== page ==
Upjohn Institute working paper ; 22-376
More than ten percent of Americans with recent work experience say they will continue social distancing after the COVID-19 pandemic ends, and another 45 percent will do so in limited ways. We uncover this Long Social Distancing phenomenon in our monthly Survey of Working Arrangements and Attitudes. It is more common among older persons, women, the less educated, those who earn less, and in occupations and industries that require many face-to-face encounters. People who intend to continue social distancing have lower labor force participation—unconditionally, and conditional on demographics and other controls. Regression models that relate outcomes to intentions imply that Long Social Distancing reduced participation by 2.5 percentage points in the first half of 2022. Separate self-assessed causal effects imply a reduction of 2.0 percentage points. The impact on the earnings-weighted participation rate is smaller at about 1.4 percentage points. This drag on participation reduces potential output by nearly one percent and shrinks the college wage premium. Economic reasoning and evidence suggest that Long Social Distancing and its effects will persist for many months or years.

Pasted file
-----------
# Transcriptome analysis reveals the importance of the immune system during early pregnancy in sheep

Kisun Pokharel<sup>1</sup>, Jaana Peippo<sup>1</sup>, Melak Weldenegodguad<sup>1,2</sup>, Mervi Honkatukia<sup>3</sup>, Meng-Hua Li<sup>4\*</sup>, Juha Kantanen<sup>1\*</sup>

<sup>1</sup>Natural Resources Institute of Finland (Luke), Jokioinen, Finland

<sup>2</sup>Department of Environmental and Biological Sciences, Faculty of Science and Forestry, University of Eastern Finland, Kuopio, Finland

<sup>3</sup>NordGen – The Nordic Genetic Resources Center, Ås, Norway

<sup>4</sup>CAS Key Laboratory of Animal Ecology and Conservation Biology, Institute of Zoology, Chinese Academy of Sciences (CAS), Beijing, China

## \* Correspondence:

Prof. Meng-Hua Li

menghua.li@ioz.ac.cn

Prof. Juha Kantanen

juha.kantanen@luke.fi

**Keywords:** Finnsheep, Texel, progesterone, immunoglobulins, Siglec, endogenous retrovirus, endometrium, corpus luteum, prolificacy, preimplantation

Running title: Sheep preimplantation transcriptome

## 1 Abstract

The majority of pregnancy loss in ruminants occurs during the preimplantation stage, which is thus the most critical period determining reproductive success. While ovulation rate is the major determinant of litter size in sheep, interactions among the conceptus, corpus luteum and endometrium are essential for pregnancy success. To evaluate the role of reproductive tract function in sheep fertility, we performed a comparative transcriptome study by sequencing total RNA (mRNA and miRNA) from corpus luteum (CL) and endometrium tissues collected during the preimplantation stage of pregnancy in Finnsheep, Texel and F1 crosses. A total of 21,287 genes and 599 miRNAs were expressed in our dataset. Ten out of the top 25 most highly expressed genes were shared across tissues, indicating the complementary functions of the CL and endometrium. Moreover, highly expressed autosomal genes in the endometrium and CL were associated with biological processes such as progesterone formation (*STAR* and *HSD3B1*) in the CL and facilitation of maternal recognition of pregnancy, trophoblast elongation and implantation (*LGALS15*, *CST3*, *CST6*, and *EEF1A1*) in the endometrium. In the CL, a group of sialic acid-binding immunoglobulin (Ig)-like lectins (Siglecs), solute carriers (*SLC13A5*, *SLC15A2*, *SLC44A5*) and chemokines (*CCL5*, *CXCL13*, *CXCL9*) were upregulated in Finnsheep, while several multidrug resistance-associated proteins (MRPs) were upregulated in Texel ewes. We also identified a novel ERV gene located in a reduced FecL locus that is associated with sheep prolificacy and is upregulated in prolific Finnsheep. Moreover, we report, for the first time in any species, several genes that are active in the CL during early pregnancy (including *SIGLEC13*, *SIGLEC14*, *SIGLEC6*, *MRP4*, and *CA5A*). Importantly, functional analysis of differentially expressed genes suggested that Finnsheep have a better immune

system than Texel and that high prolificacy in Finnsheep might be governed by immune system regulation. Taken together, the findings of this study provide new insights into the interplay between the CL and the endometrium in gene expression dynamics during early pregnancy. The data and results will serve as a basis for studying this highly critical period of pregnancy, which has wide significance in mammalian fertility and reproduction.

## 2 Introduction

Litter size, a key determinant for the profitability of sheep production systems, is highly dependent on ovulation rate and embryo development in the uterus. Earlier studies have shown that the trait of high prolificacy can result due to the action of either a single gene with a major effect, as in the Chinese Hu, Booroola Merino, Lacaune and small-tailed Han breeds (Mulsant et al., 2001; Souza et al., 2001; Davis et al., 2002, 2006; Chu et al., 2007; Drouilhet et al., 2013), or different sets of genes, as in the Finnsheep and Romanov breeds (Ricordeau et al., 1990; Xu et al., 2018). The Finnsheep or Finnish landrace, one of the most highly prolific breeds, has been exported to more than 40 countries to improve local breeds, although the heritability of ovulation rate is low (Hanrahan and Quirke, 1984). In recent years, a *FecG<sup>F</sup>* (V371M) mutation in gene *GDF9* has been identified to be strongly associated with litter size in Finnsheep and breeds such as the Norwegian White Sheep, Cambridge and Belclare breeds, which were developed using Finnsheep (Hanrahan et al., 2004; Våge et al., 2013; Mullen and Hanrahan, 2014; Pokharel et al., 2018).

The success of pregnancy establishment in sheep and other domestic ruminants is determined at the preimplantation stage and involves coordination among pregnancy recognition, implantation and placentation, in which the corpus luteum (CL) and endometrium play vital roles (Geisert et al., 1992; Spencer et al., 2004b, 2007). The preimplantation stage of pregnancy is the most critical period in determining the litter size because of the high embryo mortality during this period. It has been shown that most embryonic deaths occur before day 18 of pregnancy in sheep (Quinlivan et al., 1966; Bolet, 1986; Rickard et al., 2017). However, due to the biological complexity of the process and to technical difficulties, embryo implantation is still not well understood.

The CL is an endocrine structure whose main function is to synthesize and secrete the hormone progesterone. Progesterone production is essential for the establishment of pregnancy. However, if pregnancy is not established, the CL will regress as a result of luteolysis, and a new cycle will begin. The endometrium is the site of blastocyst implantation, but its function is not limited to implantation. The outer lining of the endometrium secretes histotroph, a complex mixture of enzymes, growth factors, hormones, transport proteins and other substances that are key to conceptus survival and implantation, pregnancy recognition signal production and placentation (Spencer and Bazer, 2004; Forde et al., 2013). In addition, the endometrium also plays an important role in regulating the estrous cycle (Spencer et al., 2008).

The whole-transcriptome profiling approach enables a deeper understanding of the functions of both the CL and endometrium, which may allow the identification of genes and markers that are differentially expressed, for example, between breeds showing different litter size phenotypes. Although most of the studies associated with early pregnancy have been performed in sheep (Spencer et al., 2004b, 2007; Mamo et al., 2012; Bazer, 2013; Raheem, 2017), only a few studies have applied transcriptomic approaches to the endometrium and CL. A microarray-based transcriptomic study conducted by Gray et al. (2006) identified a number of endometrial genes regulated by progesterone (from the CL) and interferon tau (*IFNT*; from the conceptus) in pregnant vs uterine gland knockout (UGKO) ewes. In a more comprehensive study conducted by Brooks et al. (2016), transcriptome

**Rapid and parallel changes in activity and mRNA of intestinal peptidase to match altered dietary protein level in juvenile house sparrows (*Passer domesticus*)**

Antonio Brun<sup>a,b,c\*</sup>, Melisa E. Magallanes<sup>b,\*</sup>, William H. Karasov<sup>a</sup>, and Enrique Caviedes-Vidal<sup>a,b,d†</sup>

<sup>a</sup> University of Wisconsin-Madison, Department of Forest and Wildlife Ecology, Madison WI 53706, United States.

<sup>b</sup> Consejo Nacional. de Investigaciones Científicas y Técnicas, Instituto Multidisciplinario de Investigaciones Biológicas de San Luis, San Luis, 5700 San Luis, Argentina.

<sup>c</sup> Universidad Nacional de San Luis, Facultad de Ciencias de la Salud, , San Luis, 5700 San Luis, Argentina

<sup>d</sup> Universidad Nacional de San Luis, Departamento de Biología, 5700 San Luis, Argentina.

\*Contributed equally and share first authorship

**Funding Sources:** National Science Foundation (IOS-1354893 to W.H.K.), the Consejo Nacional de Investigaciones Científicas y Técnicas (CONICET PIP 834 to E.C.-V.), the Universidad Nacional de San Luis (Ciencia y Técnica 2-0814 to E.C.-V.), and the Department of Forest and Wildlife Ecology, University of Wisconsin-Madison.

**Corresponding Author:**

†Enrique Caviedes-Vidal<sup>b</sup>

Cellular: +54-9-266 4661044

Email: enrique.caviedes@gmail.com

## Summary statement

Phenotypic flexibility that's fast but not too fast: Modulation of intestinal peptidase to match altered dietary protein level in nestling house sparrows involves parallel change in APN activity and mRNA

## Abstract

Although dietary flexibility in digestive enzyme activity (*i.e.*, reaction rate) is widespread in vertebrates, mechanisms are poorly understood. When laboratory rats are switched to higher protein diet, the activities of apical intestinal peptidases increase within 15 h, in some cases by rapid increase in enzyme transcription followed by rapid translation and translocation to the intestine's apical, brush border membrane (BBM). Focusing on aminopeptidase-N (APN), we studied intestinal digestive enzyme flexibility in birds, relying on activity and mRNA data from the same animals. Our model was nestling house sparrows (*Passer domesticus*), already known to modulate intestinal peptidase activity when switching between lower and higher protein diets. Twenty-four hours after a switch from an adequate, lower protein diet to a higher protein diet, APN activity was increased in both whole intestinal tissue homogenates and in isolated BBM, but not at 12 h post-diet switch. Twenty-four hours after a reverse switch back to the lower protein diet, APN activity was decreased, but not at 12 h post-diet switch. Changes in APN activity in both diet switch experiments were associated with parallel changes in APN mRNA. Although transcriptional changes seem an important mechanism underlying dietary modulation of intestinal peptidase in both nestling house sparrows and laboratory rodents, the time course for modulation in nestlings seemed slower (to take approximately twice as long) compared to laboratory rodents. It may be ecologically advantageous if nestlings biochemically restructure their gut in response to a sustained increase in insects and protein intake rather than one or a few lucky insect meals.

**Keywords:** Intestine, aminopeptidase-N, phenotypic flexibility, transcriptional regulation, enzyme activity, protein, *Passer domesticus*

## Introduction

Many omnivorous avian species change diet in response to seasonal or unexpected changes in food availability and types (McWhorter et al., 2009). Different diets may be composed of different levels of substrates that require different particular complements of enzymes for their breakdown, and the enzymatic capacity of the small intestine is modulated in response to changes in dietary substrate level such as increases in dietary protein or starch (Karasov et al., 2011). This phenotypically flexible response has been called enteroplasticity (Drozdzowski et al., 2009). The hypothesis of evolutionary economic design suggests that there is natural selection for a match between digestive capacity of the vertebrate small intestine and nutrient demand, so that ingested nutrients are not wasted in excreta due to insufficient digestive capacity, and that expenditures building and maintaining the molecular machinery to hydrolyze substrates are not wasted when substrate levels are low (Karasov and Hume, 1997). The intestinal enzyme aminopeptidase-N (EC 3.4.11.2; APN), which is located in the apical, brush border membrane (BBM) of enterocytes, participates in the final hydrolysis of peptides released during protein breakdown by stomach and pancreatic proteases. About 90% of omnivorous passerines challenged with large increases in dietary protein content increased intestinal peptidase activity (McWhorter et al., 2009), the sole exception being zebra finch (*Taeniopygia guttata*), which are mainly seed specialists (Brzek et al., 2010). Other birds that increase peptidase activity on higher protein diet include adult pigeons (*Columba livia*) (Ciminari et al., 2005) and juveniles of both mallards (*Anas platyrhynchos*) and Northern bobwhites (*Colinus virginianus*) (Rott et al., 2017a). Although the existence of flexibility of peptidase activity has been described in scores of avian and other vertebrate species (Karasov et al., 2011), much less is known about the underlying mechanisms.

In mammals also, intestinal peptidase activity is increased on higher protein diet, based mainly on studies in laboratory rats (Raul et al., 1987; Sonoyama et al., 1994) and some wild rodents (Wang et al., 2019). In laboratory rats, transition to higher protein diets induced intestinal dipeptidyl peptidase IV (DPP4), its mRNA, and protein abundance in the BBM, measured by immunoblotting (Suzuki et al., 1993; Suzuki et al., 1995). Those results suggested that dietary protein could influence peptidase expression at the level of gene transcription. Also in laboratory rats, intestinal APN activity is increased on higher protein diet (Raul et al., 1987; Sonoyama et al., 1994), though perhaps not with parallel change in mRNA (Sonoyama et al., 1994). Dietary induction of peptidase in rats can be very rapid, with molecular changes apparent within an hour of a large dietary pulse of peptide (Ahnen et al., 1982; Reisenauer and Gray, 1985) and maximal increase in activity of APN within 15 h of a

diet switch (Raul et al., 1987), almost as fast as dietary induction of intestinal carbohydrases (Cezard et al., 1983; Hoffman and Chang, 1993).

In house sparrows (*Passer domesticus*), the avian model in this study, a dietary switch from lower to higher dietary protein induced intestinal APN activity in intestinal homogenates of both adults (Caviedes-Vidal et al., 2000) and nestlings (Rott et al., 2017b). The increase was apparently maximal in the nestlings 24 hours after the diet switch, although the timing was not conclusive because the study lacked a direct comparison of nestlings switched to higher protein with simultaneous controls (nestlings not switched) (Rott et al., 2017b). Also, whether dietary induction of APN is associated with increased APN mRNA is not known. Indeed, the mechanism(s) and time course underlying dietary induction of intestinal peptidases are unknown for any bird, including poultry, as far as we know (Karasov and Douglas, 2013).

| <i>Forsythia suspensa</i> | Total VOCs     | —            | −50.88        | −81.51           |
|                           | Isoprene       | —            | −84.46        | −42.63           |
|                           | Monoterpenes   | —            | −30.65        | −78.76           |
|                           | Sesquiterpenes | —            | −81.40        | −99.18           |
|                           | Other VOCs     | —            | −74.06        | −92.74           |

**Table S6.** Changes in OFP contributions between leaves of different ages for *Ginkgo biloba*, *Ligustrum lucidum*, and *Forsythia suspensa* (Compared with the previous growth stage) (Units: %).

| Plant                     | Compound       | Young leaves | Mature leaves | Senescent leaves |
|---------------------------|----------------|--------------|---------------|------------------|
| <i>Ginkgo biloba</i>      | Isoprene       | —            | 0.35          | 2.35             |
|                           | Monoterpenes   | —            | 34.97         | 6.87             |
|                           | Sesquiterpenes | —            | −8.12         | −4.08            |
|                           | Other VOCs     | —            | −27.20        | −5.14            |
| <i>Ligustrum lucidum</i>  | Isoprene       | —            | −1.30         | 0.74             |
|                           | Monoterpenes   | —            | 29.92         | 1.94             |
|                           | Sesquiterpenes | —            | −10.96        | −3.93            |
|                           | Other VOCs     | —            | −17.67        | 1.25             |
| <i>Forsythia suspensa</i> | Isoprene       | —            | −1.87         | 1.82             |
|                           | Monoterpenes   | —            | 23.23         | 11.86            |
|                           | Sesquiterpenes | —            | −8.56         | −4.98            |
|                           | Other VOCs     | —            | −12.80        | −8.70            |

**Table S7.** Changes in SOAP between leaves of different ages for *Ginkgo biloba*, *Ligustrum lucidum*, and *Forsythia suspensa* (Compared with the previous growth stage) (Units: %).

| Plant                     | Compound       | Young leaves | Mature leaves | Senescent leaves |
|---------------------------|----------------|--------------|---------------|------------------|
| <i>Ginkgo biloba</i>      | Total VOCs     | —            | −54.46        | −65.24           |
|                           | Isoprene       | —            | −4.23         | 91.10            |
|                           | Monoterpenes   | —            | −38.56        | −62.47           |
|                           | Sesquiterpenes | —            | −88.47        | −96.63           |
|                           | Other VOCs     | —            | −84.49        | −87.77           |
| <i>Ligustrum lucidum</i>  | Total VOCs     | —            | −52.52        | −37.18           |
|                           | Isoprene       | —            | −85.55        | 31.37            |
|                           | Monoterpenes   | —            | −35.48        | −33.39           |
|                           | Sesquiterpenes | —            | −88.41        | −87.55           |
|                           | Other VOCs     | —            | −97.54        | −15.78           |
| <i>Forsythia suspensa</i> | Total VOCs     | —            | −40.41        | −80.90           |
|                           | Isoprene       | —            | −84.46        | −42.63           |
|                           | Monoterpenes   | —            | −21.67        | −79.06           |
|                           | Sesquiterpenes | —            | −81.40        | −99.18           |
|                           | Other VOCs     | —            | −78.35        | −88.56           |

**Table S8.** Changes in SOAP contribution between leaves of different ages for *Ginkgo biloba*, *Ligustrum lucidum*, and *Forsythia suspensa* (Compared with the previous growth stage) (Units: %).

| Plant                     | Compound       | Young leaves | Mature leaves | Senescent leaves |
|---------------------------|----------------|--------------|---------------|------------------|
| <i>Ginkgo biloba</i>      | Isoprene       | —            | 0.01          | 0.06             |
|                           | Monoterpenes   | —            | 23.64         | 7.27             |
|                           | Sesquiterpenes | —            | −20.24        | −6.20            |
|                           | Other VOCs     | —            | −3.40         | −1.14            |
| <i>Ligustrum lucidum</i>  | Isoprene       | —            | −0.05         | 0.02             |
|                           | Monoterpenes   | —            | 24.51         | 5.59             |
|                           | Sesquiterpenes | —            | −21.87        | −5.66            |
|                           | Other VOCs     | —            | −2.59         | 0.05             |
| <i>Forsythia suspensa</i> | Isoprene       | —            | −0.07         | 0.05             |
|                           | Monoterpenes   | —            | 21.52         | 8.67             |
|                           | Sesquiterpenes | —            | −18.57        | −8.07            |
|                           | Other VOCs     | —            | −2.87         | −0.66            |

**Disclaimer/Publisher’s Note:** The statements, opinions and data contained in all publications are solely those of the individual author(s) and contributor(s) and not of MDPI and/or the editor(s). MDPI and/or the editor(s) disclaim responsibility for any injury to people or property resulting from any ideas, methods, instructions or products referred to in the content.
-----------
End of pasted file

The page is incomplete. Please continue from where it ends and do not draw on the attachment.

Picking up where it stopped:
Upjohn project #58160
W.E. Upjohn Institute for Employment Research Early Career Research Award 21-58160-02, Templeton World Charity Foundation, Smith Richardson Foundation, Stanford University, Chicago Booth School of Business, Asociación Mexicana de Cultura A.C., Stanford Institute for Human-Centered Artificial Intelligence, Toulouse Network for Information Technology, and the MIT Mobility Initiative
LABOR MARKET ISSUES; Wages, health insurance and other benefits
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Barrero, Jose Maria, Nicholas Bloom, and Steven J. Davis. 2022. "Long Social Distancing." Upjohn Institute Working Paper 22-376. Kalamazoo, MI: W.E. Upjohn Institute for Employment Research. https://doi.org/10.17848/wp22-376